A guy in a beard, work shirt and worn jeans smiled as he tilted the almost empty bin of potatoes back, so I could see the dozen or so spuds left in the bottom.
He was willing to share what was left, a touch of humanity in a week that sure looked like the beginnings of panic. (Ammo sales were twice to three times normal last week, according to news reports.) I smiled and shook my head no, figuring I needed a bag of potatoes, not a handful.
One aisle over, however, the bagged potatoes were long gone, snapped up earlier by folks preparing – scared to the core by what they were seeing on TV – for whatever this Coronavirus deal will bring. There’s so much we still don’t know. A Wall Street Journal columnist likened the lack of reliable data to buying a house when you don’t know what you make, and you don’t know the price of the house. We’re barking in the dark.
So, panicky/prudent folks stock up on groceries. Lots of groceries. The head of Walmart said sales last week were way ahead of Christmas season levels, as worried folks streamed in, on a mission to get prepared.
I do a lot of the shopping at our house. So I was at the big Walmart down the road on Tuesday, Thursday and Friday of last week. The change, day by day, was remarkable, and from what I’ve seen in the news, it happened everywhere.
On Tuesday afternoon, most of the aisles looked pretty normal, but shopper traffic was noticeably high. (I didn’t get my usual lucky close-in parking space.) Two things, however, were already sold out: Toilet paper and hand sanitizer. The early birds of semi-panic had already come and gone, carrying off one entire aisle of every kind of toilet paper you can imagine. Same thing in the hand sanitizer shelves. As they say out here in Wyoming (I’m not sure why), “Gone Johnson.”
“Who needs that much toilet paper?” I wondered.
Luckily, I bought some the week before, and when I got home I counted 20 rolls. That ought to be enough for three people, right?
On Thursday, the toilet paper was still sold out, and half of the paper towels on the other side of the aisle were gone as well. (God help our municipal sewer system.) The real action, however, was over in the canned soup aisle, where serious folks were loading their carts, not caring that they were blocking traffic. (Some didn’t look like soup eaters to me.)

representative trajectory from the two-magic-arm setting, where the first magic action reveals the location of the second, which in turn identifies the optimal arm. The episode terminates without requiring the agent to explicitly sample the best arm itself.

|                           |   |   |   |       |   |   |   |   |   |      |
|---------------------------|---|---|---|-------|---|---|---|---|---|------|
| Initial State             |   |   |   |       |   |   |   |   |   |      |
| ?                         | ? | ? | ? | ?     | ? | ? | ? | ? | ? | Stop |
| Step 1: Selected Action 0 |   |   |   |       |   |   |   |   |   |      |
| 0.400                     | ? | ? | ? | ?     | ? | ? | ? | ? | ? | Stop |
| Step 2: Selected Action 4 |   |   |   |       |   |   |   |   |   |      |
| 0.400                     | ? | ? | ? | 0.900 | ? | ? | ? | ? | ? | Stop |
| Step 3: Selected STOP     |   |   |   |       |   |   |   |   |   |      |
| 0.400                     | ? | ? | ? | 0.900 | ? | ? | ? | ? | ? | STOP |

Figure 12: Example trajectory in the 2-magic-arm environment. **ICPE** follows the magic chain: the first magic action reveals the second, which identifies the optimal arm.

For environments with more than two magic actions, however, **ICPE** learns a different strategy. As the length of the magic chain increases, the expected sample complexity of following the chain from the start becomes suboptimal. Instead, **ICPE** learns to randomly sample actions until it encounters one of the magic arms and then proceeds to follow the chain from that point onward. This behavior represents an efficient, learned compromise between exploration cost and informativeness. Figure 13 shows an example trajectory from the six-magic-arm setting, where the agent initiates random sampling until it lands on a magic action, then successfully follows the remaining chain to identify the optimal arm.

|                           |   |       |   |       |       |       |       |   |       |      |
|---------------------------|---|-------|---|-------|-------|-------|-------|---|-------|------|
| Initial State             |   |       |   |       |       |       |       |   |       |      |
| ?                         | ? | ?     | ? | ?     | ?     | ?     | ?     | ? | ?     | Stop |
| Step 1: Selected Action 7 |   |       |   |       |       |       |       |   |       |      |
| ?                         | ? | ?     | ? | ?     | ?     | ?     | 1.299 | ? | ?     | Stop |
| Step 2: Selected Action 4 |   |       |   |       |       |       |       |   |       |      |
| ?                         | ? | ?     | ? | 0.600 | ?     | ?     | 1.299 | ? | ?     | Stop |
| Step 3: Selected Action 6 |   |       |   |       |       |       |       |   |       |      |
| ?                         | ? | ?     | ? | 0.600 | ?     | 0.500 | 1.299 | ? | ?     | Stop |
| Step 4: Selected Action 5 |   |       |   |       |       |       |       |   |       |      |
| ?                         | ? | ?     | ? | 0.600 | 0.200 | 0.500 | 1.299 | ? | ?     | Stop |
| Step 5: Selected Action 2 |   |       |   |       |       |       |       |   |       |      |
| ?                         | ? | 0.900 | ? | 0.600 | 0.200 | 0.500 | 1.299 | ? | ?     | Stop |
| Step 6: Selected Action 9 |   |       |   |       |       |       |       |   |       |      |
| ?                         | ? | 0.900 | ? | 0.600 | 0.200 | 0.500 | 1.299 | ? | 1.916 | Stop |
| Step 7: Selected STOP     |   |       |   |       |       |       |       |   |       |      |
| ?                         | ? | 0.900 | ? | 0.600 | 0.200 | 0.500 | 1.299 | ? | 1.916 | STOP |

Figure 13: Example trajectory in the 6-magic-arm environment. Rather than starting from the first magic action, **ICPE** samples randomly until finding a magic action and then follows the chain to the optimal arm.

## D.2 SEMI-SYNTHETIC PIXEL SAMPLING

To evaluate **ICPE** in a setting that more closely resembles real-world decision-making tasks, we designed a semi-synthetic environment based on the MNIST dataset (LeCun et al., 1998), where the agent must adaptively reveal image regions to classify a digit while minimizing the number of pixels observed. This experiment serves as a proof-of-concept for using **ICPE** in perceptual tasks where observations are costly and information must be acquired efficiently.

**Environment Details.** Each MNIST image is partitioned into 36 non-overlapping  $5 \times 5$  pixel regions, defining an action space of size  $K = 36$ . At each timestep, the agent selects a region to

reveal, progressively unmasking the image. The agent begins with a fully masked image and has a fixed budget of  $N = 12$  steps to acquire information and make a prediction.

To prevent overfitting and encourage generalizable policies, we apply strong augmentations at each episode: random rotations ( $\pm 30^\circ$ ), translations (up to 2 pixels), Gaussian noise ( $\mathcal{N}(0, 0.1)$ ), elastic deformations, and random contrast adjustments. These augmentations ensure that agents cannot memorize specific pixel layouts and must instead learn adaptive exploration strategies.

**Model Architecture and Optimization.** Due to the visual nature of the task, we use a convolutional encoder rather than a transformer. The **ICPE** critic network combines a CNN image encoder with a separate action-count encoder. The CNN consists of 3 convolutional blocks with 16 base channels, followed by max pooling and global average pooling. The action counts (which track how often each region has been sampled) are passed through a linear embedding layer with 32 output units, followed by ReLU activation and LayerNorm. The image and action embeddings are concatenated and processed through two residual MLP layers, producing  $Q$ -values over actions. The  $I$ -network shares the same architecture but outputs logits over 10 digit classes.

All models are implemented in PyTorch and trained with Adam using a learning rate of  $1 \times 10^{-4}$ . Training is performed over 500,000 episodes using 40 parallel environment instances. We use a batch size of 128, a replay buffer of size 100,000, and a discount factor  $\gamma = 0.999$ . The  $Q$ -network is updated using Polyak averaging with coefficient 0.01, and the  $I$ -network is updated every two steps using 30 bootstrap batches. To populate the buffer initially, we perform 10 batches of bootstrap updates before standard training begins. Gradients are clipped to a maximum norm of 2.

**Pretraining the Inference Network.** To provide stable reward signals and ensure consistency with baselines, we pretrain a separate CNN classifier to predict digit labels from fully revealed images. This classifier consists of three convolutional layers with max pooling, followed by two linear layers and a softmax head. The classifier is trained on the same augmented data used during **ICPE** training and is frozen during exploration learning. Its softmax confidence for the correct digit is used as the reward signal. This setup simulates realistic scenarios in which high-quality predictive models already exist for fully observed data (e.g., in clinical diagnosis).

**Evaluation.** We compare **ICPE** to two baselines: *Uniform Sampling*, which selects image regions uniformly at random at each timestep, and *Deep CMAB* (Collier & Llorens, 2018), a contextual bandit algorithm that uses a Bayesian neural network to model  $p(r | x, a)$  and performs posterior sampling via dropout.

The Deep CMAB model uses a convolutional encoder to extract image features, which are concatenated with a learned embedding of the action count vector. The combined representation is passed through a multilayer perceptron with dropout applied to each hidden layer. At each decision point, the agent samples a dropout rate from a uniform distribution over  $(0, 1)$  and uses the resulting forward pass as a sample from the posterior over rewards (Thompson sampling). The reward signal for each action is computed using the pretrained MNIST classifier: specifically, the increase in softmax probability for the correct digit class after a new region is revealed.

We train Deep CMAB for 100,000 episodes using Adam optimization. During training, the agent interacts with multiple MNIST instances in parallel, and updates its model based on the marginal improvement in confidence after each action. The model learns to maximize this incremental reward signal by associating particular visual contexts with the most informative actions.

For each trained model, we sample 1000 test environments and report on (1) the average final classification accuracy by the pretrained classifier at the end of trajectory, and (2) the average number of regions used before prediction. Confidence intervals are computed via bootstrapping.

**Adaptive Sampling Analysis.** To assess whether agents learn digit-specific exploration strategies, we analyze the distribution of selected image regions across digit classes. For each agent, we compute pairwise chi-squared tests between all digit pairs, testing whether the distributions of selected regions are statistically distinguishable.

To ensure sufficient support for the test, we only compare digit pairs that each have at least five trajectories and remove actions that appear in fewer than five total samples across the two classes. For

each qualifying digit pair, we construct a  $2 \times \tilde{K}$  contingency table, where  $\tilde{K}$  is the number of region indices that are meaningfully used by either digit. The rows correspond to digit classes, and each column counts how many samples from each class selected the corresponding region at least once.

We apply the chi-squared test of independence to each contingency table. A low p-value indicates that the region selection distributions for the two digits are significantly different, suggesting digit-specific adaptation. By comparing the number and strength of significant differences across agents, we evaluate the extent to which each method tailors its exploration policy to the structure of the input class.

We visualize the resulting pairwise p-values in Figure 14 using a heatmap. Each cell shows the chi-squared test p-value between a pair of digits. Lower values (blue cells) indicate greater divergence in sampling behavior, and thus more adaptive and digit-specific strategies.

Same thing over in canned goods, as pinto beans and diced tomatoes were going fast. Something about a crisis makes folks want to make soup, I guess, and that’s probably a good thing. The dry packets of Lipton Chicken Soup were sold out, but they had plenty of dry onion soup packets left. (Folks want soup, not dip, in an emergency.)
The big change was apparent Friday afternoon. Both sides of the toilet paper/hand towel aisle were completely empty. A fresh box of towels never made it to the shelf, as folks grabbed them from the stock person. Not much left in canned goods. Potatoes: Pretty much gone. The display of packaged deli meats was picked clean.
The near-panic had spread to the dairy section, where there wasn’t a carton of eggs to be had. Plenty of milk, though.
Folks had finally found their way to the fresh meat display. No hamburger. A few of the more expensive steaks were left, but not many. The only things left in the chicken display were packages of bright green marinated chicken breasts, which didn’t interest a virus-conscious crowd. The big bags of frozen chicken were still available, but going fast.
The only thing left in plenty of supply was bratwurst. Plenty of brats, and I wondered if the same could be said at Wisconsin Walmarts.
My most enduring image of the week was the roaming computerized stock monitoring robot named “Bossanova” (we can’t blame it on him), parked forlornly in the empty toilet paper/hand towel aisle, blinking sadly.
We’ll get through this, folks. And we’ll have well-stocked freezers when we come out the other end.
Dave Simpson can be contacted at email@example.com